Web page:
“Stagflation”, an appropriately ugly word coined in the 1970s to describe the grisly combination of high inflation and low growth that afflicted that decade, is making a return to economic discussion. Nouriel Roubini, the “Doctor Doom” credited with predicting the 2008 financial crash, has suggested that the “mild stagflation” of earlier this year could be followed by a more serious recurrence in the future. As I’ve written in the New Statesman over the past 18 months, endemic Covid alone would be enough to drive up costs and therefore prices across the world. The economic outlook is uniformly grim – perhaps more so than even Roubini thinks.
First, while inflation is higher than it has been, and is likely to remain so, this is not the result of the extraordinary expansion of the money supply over the past year, as most “inflation hawks” have argued. Their theory seems simple – more money chasing the same goods makes prices go up – but in reality the volumes of Quantitative Easing (QE) cash that central banks such as the Bank of England have issued since early last year have made their way into different forms of hoarding, rather than spending.
The British government has spent, for example, extraordinary amounts on the furlough scheme and, in effect, paid for it with QE. But with households having saved an estimated £200bn since the start of the pandemic, that money is not entering the wider economy and so is having limited impact on prices. The injection of QE into the financial system has only caused prices to rise in specific markets – helping to support rising house prices in the UK and US stock markets.
The causes of the current general rise in prices are more serious, and harder to solve. The supply chain disruptions caused by Covid are obvious contributing factors, with the shock of lockdowns and factory closures last year still making their way through the system. But the ongoing, and perhaps permanent, impact of Covid as the virus becomes endemic – with people continuing to fall ill, being forced to self-isolate, and the extra costs and hassles of performing many economic activities – will result in significant costs across the economy.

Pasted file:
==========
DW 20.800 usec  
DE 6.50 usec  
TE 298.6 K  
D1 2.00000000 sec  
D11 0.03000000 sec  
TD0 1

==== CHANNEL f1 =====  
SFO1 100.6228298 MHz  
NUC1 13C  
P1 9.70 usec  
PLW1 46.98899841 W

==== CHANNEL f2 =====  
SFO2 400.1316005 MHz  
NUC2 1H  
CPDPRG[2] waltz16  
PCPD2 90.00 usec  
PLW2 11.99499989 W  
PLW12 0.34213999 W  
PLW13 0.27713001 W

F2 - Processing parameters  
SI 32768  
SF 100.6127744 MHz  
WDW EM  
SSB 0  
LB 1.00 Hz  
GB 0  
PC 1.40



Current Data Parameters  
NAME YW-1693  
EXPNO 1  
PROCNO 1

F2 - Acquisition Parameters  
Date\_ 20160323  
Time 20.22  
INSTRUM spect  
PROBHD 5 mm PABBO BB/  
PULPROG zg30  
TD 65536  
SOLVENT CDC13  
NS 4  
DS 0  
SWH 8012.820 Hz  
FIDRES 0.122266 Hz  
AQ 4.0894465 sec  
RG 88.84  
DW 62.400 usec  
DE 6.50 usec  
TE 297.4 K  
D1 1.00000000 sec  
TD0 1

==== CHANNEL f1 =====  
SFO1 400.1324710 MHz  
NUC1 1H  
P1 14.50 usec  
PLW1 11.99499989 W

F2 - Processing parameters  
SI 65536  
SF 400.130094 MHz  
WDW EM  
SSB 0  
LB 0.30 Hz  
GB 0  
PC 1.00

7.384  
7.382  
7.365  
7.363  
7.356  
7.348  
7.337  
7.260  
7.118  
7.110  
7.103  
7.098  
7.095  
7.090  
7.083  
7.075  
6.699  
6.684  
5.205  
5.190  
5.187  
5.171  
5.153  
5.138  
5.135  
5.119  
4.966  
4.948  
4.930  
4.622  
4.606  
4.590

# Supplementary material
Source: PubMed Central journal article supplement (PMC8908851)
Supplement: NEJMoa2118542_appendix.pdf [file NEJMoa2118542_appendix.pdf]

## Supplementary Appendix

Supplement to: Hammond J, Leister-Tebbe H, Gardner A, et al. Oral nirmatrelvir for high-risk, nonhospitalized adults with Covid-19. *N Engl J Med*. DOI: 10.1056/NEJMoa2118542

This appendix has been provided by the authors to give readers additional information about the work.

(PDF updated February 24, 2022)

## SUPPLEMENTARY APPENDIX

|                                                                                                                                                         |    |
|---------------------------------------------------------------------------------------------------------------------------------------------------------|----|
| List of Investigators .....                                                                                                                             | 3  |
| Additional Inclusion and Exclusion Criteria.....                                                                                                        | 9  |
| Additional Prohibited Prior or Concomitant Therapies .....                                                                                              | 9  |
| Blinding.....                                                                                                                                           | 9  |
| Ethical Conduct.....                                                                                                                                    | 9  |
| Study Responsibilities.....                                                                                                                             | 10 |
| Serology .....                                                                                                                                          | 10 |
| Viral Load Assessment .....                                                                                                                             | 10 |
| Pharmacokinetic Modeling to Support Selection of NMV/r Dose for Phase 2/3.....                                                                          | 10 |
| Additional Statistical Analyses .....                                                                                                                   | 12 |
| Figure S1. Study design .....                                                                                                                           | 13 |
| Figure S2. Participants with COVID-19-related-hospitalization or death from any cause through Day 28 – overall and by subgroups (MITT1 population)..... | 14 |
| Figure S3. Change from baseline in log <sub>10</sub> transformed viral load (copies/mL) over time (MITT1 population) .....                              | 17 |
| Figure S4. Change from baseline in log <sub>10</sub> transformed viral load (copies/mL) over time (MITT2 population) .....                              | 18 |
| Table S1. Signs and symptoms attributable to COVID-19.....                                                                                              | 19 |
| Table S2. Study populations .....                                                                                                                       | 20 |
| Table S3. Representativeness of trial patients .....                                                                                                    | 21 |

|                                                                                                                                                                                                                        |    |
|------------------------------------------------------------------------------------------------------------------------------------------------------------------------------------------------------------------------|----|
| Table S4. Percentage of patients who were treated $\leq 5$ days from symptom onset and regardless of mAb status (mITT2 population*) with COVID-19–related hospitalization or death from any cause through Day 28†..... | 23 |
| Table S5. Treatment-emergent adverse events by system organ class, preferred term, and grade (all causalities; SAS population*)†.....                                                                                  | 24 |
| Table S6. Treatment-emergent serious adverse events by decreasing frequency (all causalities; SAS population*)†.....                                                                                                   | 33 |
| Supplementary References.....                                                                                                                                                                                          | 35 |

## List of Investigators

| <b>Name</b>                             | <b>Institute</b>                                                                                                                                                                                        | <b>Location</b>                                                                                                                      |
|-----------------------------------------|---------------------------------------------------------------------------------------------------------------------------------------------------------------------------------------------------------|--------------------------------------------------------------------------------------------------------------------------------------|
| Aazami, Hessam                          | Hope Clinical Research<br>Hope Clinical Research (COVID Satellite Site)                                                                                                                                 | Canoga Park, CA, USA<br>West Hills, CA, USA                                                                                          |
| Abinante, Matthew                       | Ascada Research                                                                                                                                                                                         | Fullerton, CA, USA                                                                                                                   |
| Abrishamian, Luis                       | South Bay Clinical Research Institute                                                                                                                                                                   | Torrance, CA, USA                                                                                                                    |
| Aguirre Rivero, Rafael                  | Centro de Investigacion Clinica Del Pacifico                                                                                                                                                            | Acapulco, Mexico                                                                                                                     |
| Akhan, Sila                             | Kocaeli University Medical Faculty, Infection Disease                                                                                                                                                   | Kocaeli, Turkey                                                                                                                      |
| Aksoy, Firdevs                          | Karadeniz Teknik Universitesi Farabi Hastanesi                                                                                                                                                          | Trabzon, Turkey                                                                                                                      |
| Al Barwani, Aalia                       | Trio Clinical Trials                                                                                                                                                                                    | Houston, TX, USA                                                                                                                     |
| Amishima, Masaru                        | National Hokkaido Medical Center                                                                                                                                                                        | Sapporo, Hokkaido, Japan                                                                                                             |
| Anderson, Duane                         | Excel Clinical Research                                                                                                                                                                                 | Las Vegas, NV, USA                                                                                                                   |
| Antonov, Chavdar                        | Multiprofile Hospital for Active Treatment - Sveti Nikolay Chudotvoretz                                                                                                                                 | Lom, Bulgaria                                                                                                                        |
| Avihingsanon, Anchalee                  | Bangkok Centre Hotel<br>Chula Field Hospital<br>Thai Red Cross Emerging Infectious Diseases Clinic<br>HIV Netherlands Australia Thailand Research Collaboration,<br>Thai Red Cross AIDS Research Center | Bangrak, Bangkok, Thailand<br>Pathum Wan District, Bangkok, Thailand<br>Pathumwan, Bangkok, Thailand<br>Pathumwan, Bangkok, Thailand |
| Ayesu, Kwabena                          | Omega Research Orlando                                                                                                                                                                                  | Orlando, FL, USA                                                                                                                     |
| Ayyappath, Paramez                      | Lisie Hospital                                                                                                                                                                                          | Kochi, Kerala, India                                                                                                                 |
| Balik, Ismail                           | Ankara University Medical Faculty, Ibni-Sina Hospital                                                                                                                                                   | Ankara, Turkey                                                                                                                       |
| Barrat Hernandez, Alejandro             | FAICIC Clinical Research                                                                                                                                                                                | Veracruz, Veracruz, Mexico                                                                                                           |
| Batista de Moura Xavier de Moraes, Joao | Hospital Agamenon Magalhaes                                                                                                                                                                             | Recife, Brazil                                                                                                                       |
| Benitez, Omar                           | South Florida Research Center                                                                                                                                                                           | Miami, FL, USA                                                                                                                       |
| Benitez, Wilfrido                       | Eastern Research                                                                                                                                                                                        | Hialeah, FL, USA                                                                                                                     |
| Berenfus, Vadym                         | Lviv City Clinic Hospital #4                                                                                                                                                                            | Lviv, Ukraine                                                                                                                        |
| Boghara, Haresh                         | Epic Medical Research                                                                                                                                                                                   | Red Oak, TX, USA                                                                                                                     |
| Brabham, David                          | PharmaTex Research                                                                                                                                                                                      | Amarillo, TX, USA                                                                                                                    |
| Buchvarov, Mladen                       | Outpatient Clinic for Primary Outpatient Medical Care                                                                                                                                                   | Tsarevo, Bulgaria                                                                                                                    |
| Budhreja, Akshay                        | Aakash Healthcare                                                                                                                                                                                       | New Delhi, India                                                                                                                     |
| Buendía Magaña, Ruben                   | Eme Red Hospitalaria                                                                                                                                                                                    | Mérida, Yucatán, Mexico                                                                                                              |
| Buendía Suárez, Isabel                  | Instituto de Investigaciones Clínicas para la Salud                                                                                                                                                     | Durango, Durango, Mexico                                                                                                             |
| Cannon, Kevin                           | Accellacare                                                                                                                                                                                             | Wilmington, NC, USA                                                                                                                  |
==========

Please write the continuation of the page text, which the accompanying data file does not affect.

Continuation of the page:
We can put Covid in another context, too, as the first of the truly global disturbances that environmental collapse will bring. We have built an economic system that depends on ready access to cheap raw materials and a stable natural environment. Without these, the system begins to break down. As extreme weather events become more frequent, as epidemics break out more often, as crops fail, supply chains will falter and costs will rise inexorably. The current semiconductor shortage, for example, is driven not only by Covid but by fires in Texas and drought in Taiwan disrupting production.
Finally, we are concentrating extraordinarily large investments in technologies and systems that do not produce growth as we usually measure it – as additions to Gross Domestic Product (GDP). Computers and data can do many wonderful things, but, as the Nobel Prize-winner Robert Solow pointed out more than 30 years ago, they do not add to productivity and therefore do not particularly contribute to growth. The “Solow Paradox” continues to be true, and is most likely getting worse, with bigger and bigger investments in digital technology producing poorer and poorer productivity performance in the aggregate.
Most solutions currently offered won’t work. The Bank of England Monetary Policy Committee (MPC) is reportedly considering an interest rate rise as soon as early next year. This won’t just force up the cost of borrowing and so squeeze what economic activity there is; in conditions where inflation is being driven by real – as opposed to monetary – factors, increases in interest rates seem likely to worsen the problem of rising prices. Primarily, it makes investment more expensive, exacerbating future supply issues. Better for the MPC, if it must do something, to begin unwinding QE.
But fiscal policy isn’t going to work either. The economy isn’t jammed because of too little demand; it is jammed because real life is jammed. The physical world we inhabit does, it turns out, have some limits. It is preferable for governments to spend more when it means the new costs we face can be fairly distributed – asking the wealthy to pay more, via taxes, for the increased costs of social care, for example. But deficit spending alone is not enough to deal with these structural problems.
Instead, three things need to happen. First, the pandemic has produced a shortage of labour (with Brexit playing its role in the UK). Workers should exploit this as much as possible, demanding inflation-busting pay rises and tilting the balance of power at work in their favour. This isn’t the 1970s: unions and labour have been weak for decades.
Second, just-in-time and market-oriented supply systems – such as the farcically short-termist UK gas supply system – should be ditched in favour of building resilient supply chains with significant redundancy. Allied to this, the tax system should be used to incentivise resilience – for instance, promoting domestic manufacturing – and to disincentivise those hoarding goods such as housing.
Third, we need to completely reconsider the role and purpose of the economy: turning policymaking away from the increasingly redundant measure of GDP, and redesigning our economies around things people really value: time with friends and families; green spaces. A society-wide cut in working time would be an excellent starting point.